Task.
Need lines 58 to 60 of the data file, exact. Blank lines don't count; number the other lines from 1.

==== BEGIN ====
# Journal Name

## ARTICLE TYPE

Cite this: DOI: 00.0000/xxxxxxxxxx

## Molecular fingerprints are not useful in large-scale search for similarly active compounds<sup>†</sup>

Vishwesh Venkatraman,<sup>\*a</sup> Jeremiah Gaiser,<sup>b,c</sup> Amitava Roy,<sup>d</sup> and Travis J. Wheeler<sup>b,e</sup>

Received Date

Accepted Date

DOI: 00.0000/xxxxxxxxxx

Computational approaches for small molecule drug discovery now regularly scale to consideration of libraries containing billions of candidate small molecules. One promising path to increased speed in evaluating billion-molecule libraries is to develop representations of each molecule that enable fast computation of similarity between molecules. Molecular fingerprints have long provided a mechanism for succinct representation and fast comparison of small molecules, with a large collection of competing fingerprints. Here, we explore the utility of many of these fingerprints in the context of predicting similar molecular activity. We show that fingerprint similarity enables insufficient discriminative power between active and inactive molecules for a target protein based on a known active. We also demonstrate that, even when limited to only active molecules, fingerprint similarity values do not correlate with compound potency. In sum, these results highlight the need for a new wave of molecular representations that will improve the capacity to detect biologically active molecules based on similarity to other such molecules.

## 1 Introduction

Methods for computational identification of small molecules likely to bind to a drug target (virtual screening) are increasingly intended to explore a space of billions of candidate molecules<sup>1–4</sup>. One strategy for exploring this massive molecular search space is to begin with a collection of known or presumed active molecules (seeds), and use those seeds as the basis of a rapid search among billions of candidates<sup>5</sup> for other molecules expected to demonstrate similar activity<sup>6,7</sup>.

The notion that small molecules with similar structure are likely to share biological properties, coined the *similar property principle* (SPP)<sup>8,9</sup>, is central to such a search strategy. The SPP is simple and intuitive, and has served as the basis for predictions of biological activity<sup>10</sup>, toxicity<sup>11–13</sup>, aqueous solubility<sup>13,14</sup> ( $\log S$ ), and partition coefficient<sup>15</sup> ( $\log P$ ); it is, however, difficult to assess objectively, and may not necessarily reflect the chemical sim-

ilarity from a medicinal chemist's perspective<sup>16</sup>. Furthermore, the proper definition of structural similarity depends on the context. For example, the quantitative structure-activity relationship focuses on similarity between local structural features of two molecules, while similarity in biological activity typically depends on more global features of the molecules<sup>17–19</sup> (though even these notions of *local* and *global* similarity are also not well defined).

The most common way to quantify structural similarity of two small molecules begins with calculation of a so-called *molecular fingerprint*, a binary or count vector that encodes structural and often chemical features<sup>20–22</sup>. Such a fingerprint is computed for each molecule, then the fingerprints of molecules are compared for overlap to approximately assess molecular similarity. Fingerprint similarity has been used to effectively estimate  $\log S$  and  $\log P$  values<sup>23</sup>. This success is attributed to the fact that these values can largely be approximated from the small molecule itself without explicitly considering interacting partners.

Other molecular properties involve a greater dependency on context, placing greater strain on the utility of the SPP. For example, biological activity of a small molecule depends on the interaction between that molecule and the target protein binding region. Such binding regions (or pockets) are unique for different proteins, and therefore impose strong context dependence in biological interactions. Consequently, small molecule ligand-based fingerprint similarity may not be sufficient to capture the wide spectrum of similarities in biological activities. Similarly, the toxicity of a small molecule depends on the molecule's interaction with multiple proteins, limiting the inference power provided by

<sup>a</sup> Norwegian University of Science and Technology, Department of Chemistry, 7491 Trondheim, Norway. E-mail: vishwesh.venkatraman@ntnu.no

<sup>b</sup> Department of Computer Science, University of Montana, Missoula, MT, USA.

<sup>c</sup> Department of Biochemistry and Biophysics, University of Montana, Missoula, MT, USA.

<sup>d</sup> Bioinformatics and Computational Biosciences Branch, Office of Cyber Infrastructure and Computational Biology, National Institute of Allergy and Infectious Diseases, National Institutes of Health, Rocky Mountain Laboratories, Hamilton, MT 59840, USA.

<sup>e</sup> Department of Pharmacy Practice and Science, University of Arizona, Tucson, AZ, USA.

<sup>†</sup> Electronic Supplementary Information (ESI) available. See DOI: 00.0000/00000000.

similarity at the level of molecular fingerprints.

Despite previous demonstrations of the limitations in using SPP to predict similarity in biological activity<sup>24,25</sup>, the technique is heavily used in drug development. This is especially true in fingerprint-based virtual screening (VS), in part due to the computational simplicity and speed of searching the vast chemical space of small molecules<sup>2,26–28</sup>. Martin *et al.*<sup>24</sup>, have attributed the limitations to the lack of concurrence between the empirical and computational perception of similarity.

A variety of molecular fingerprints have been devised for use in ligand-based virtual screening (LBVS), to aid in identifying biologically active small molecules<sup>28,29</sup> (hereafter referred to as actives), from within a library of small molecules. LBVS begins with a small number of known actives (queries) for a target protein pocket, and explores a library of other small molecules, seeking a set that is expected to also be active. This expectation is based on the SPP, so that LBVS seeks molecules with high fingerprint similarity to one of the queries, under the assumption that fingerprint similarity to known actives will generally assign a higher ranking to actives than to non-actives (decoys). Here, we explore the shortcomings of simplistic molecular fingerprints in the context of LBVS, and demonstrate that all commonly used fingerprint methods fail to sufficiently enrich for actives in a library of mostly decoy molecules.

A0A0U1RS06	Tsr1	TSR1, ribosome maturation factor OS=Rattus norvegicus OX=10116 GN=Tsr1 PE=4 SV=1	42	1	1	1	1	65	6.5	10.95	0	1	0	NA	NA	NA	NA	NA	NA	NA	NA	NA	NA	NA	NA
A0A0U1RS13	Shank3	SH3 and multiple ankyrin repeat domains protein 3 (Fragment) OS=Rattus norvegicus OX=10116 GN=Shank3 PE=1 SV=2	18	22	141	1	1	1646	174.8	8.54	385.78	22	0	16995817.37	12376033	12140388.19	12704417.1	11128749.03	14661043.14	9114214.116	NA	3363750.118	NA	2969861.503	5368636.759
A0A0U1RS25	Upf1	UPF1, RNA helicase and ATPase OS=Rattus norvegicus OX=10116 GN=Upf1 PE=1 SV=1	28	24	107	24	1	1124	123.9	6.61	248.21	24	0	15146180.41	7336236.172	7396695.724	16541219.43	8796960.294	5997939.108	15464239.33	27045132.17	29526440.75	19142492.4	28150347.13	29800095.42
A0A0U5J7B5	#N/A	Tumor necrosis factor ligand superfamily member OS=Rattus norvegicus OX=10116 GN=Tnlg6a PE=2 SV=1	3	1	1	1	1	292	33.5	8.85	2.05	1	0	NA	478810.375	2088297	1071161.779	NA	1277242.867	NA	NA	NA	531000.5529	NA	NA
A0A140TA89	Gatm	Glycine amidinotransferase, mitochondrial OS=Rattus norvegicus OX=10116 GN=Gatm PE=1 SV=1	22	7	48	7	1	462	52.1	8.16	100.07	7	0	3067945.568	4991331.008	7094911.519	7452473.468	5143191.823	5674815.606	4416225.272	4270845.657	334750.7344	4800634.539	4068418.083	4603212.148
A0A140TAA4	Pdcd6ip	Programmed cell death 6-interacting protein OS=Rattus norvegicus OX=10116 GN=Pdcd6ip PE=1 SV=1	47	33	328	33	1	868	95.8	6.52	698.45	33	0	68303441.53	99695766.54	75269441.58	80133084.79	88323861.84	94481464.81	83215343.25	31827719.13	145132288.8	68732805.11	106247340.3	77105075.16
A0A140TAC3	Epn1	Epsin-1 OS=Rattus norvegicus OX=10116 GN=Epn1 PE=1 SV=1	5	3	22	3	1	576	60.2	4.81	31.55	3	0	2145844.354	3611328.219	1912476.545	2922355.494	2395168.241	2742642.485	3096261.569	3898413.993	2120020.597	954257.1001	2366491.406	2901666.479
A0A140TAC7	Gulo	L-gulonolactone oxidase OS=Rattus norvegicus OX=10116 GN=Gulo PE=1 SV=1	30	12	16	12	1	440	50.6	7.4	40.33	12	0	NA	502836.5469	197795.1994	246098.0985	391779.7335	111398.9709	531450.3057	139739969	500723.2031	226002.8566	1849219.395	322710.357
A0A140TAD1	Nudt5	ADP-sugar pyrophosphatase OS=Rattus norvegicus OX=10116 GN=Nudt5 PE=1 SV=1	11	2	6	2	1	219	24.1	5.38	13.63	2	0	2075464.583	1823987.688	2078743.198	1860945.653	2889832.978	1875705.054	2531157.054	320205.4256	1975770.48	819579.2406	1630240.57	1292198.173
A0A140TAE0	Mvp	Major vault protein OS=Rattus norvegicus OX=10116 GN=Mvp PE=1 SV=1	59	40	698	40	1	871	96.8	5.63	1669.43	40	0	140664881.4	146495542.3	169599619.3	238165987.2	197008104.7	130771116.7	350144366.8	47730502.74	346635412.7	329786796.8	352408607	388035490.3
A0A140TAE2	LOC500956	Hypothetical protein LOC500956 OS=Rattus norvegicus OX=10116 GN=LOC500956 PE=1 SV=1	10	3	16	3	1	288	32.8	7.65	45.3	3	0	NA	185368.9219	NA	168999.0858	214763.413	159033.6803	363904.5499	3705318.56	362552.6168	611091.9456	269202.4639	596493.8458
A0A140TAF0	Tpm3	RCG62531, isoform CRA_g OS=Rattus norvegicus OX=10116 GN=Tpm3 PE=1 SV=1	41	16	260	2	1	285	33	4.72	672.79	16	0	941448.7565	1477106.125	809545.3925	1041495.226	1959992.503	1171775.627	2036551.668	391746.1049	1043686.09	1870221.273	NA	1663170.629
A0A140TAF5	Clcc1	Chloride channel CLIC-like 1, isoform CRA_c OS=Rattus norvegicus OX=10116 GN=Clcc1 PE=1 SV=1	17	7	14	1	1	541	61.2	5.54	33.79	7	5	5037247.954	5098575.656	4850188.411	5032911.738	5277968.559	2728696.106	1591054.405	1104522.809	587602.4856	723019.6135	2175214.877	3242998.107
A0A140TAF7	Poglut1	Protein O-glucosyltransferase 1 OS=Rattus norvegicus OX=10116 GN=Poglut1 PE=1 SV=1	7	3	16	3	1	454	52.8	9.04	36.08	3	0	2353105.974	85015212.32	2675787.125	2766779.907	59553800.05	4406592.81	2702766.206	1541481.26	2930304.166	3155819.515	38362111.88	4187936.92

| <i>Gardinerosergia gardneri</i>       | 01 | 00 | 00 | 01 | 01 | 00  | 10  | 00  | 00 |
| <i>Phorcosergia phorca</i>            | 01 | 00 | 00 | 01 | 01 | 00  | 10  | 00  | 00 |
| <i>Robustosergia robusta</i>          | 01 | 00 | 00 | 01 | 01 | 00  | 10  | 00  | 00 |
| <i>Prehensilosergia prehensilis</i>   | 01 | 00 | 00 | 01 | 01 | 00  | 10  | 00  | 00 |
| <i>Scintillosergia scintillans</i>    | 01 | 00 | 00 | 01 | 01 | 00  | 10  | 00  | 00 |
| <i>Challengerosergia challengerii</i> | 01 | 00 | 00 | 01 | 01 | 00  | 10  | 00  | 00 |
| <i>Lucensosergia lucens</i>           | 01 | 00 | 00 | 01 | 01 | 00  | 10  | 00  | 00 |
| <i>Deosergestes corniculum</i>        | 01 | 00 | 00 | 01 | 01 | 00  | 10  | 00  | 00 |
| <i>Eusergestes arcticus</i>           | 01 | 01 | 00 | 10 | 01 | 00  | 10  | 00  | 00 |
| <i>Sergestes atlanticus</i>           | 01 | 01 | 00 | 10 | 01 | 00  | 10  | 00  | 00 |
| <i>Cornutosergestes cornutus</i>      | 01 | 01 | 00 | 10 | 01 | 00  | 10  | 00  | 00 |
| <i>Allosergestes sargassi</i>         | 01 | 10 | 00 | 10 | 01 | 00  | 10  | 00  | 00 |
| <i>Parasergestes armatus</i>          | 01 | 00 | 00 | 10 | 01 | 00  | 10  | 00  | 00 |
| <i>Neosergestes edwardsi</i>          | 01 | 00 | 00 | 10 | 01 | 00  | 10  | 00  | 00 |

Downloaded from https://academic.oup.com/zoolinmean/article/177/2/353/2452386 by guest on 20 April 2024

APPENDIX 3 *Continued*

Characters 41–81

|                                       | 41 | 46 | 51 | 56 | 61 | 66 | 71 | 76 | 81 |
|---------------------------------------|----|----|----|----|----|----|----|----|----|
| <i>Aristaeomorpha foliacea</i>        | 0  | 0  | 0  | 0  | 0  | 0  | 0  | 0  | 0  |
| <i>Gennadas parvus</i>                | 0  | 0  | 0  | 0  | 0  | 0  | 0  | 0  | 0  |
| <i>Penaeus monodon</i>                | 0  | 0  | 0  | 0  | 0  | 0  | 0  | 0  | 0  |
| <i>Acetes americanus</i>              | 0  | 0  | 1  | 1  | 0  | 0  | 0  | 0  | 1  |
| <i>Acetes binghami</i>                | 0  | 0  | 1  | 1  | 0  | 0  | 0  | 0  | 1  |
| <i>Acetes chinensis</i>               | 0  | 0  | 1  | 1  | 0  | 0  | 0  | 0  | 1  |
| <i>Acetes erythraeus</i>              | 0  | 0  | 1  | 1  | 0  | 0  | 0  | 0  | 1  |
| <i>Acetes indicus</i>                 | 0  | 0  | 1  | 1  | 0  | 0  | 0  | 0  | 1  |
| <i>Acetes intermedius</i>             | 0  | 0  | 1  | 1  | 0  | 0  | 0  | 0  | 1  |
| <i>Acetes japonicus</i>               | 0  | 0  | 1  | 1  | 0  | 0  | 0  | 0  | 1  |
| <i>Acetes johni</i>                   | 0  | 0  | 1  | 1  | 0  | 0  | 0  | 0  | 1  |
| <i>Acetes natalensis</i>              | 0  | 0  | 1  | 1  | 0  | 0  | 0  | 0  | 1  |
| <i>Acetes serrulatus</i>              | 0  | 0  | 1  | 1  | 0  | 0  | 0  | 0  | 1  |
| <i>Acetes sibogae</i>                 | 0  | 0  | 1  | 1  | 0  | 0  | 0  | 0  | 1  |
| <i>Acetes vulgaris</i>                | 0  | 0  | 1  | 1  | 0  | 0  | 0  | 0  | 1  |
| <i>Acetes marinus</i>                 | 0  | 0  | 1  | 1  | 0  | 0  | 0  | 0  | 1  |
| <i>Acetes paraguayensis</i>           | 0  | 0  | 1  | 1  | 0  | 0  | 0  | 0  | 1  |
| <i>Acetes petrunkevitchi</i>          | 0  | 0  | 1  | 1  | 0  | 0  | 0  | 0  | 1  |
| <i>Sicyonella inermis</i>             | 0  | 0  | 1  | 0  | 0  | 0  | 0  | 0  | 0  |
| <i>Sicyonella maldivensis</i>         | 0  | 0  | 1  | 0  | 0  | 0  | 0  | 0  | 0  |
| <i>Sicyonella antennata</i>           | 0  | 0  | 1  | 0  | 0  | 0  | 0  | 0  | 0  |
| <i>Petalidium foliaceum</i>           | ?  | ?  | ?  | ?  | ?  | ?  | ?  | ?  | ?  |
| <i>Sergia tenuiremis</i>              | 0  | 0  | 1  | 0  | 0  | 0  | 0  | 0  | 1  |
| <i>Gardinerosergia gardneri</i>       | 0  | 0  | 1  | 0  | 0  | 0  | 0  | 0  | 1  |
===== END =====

| <i>Aristaeomorpha foliacea</i>        | 0  | 0  | 0  | 0  | 0  | 0  | 0  | 0  | 0  |
| <i>Gennadas parvus</i>                | 0  | 0  | 0  | 0  | 0  | 0  | 0  | 0  | 0  |
| <i>Penaeus monodon</i>                | 0  | 0  | 0  | 0  | 0  | 0  | 0  | 0  | 0  |